After a very welcome hot meal in Westonbirt’s Maples Café, accompanied by the usual pied wagtail working the opportunities for leftover food-finds on the decking outside – and also by a view of a buzzard, wing-hunched low over the valley, being mobbed by crows – we slide down the steep hill of the Arboretum’s downs, and then up again into Silk Wood.

The day’s theme for this side of the arboretum seems to be blackbirds and nuthatches. The nuthatches are gathered in various conifers, and the tree tops bluster with the urgency of their piercing calls. We are able to watch several as they edge head first down the trunks, prise food from the crevices and break open nuts with resounding taps against the bark. They are such exquisite little birds. I love their muted mix of soft-sky blue grey and salmon-chestnut blush. They are one of the many beauty-treats of any walk in these woods.

The blackbirds are all vitally busy with turning over and tossing leaves in search for food – but we notice that most seem to be in male and female pairs – like the ones in our garden. At one point, we hear a male give its alarm call – but with a slight difference. Instead of the usual burst of alarm followed by a wing flapping quick-exit, this develops into a constant chink, chink, chinking – and we look up to see him perched on a branch, posing with tail cocked in territorial bravado…just a branch away from a rather bashfully admiring female.

Between the urgent need to feed, some early spring behaviour is the buzz of the day for many of the birds filling the woods here.

That zingy feeling on the air, created by birdsong – and by a quickening in the wood, already humming with the promise of awakening – turns my thoughts to days ahead…when, like wishes unfolding from this bronze sculpture:

Picture of Westonbirt Wishes Bronze by sculptor, John Newling

Picture of plaque for Westonbirt Wishes Bronze by John Newling

… the Arboretum will soon, again, look like this:

Picture of Westonbirt Arboretum carpeted with wood anemones

Picture of wood anemones at Westonbirt Arboretum

Picture of bluebells at Westonbirt ArboretumPicture of Early Purple Orchids and Cowslips at Westonbirt Arboretum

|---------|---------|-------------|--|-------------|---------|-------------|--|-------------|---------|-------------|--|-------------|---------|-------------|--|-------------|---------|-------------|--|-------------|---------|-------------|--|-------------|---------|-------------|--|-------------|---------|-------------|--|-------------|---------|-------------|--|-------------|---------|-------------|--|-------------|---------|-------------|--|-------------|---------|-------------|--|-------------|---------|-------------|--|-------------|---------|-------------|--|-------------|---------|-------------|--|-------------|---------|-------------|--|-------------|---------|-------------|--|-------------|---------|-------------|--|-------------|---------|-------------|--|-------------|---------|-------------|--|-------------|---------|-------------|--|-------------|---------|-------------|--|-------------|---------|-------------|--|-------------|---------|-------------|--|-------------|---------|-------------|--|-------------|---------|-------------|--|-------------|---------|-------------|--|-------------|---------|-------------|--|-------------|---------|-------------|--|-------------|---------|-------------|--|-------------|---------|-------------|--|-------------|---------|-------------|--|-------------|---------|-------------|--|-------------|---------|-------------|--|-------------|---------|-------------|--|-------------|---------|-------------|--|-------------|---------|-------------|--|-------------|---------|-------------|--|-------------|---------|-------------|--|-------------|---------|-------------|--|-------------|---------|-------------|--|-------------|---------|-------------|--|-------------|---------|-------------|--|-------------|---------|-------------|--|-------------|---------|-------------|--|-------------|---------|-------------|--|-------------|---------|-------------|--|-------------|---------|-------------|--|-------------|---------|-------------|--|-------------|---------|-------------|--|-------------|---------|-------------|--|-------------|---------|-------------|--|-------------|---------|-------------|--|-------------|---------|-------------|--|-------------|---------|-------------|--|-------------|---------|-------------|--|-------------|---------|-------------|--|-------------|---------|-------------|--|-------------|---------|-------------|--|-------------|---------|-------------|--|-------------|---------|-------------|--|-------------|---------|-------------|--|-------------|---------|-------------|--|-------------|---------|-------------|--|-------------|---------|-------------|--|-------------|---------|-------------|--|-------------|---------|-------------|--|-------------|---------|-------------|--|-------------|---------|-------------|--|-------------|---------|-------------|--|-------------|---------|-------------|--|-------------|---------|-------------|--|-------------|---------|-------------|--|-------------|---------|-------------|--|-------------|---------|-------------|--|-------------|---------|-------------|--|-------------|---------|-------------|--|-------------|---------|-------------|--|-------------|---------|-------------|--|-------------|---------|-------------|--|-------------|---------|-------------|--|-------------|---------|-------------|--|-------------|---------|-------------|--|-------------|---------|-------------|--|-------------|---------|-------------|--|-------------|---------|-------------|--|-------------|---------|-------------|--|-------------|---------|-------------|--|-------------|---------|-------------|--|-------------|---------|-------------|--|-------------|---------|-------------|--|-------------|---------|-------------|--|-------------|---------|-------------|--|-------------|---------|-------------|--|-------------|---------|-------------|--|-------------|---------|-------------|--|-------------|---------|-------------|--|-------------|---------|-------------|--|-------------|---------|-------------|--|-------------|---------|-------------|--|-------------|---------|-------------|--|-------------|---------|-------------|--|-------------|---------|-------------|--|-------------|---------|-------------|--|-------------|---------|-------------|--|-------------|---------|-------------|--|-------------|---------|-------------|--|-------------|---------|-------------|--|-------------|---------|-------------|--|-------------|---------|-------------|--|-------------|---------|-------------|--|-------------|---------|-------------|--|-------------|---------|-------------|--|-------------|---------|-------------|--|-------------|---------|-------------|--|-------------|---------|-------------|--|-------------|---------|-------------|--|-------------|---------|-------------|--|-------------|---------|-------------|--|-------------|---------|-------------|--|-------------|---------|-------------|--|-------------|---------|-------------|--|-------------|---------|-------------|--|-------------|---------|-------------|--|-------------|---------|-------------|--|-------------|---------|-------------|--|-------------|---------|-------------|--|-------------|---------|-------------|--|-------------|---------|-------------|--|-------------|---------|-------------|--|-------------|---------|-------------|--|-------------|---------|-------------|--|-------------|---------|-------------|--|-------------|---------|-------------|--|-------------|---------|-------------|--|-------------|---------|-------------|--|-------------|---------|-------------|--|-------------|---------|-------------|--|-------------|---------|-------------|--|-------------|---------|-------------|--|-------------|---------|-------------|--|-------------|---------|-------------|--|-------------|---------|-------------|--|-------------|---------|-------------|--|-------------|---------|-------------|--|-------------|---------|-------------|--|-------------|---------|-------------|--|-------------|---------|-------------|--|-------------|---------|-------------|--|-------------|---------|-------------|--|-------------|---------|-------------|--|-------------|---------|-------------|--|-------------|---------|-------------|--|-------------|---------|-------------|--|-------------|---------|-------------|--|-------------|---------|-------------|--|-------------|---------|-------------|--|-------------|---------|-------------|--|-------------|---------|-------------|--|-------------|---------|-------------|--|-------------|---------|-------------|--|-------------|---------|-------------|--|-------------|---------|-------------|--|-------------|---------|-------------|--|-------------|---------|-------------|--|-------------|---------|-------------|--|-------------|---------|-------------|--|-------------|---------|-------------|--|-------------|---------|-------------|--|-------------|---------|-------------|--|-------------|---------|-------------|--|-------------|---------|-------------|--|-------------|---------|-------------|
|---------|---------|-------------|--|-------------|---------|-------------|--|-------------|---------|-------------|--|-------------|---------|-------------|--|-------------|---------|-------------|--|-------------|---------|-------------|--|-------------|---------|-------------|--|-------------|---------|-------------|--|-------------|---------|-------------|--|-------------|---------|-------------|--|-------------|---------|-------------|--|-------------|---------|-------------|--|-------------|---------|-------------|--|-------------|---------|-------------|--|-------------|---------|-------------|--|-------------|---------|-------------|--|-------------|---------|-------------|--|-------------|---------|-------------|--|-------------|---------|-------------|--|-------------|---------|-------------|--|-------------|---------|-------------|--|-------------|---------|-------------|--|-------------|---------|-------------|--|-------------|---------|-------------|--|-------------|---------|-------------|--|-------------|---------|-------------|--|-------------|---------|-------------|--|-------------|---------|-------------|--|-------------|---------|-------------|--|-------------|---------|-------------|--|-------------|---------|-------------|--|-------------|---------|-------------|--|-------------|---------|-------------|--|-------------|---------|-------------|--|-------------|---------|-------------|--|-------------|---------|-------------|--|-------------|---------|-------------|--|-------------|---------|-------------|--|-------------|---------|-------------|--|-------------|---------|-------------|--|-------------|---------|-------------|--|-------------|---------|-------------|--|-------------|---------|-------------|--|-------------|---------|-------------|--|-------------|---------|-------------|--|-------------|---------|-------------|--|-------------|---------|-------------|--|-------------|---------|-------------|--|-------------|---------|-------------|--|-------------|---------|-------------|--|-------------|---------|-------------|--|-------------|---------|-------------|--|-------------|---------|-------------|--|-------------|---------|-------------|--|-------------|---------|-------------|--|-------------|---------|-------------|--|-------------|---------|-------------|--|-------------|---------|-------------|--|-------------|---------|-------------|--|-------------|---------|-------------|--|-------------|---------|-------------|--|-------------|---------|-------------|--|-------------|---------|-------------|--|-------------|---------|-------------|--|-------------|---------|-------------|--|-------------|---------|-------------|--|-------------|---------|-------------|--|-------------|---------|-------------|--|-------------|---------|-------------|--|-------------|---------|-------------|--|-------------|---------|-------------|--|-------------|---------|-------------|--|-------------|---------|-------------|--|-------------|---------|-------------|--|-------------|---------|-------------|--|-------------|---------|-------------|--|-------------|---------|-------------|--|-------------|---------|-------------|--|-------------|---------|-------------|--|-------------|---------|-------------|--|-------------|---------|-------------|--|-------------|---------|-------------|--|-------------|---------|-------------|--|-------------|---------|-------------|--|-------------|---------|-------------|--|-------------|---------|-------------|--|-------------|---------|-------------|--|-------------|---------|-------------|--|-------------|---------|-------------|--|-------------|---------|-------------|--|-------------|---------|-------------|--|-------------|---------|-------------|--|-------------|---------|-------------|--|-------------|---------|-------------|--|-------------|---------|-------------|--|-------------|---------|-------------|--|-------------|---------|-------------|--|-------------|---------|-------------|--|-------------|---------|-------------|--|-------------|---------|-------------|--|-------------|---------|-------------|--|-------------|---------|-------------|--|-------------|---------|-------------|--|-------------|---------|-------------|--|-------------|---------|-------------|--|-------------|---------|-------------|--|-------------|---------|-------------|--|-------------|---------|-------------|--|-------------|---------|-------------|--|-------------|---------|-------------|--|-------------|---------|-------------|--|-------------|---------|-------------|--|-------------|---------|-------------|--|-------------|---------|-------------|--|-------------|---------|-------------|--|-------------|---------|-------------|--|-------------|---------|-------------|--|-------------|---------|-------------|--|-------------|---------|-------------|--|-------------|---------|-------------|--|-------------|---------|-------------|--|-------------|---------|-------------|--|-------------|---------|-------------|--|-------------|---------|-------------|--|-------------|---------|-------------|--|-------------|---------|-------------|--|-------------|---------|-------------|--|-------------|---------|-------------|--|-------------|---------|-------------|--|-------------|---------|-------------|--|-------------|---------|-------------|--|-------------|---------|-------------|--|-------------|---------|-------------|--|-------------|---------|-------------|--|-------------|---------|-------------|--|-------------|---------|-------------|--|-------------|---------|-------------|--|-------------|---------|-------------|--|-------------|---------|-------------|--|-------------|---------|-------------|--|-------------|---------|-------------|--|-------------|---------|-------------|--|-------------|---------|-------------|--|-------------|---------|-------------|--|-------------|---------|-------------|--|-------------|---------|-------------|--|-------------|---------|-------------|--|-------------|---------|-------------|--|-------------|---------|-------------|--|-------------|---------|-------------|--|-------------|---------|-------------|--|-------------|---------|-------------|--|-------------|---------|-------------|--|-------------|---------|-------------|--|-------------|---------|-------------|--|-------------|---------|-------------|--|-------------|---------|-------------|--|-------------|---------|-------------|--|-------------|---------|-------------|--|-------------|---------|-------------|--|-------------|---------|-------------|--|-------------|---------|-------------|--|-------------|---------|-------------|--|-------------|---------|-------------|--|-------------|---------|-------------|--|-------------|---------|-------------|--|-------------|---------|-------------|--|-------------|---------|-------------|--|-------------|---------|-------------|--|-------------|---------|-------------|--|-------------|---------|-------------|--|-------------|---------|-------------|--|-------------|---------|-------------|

Picture of peacock butterfly on blossom, Westonbirt Arboretum


The Government wishes to sell our Public Forest Estate, of which Westonbirt, the National Arboretum is a part. You can keep informed on all the issues and developments – and get involved with the campaigns against the Government’s plans to transfer all of England’s publicly owned woodlands out of state ownership at Save Our Woods and Save Our Forests.

Yesterday (2nd February) MPs met to debate and vote on the Labour motion against the forest sell off… Everything about the sell off proposals and the so-called ‘consultation’ (a document which already assumes that the public forests will be privatised, and consists of questions on how it should be done) makes my heart sink like a stone… but also fires it up to do something in response. I wrote to my MP to express all my concerns and my dismay. Today, I see he voted with the Government.  The motion was defeated by 310 to 260.

But, it’s good to see that there were three Tory rebels, four Lib Dem rebels and some abstentions… MPs have been deluged with emails and letters on this issue. The public outcry made this debate happen.

At the time of writing, the petition against the forest sales has gathered over 430,000 signatures. If you haven’t already done so, you can add your voice to the petition by signing it at the 38 Degrees Website.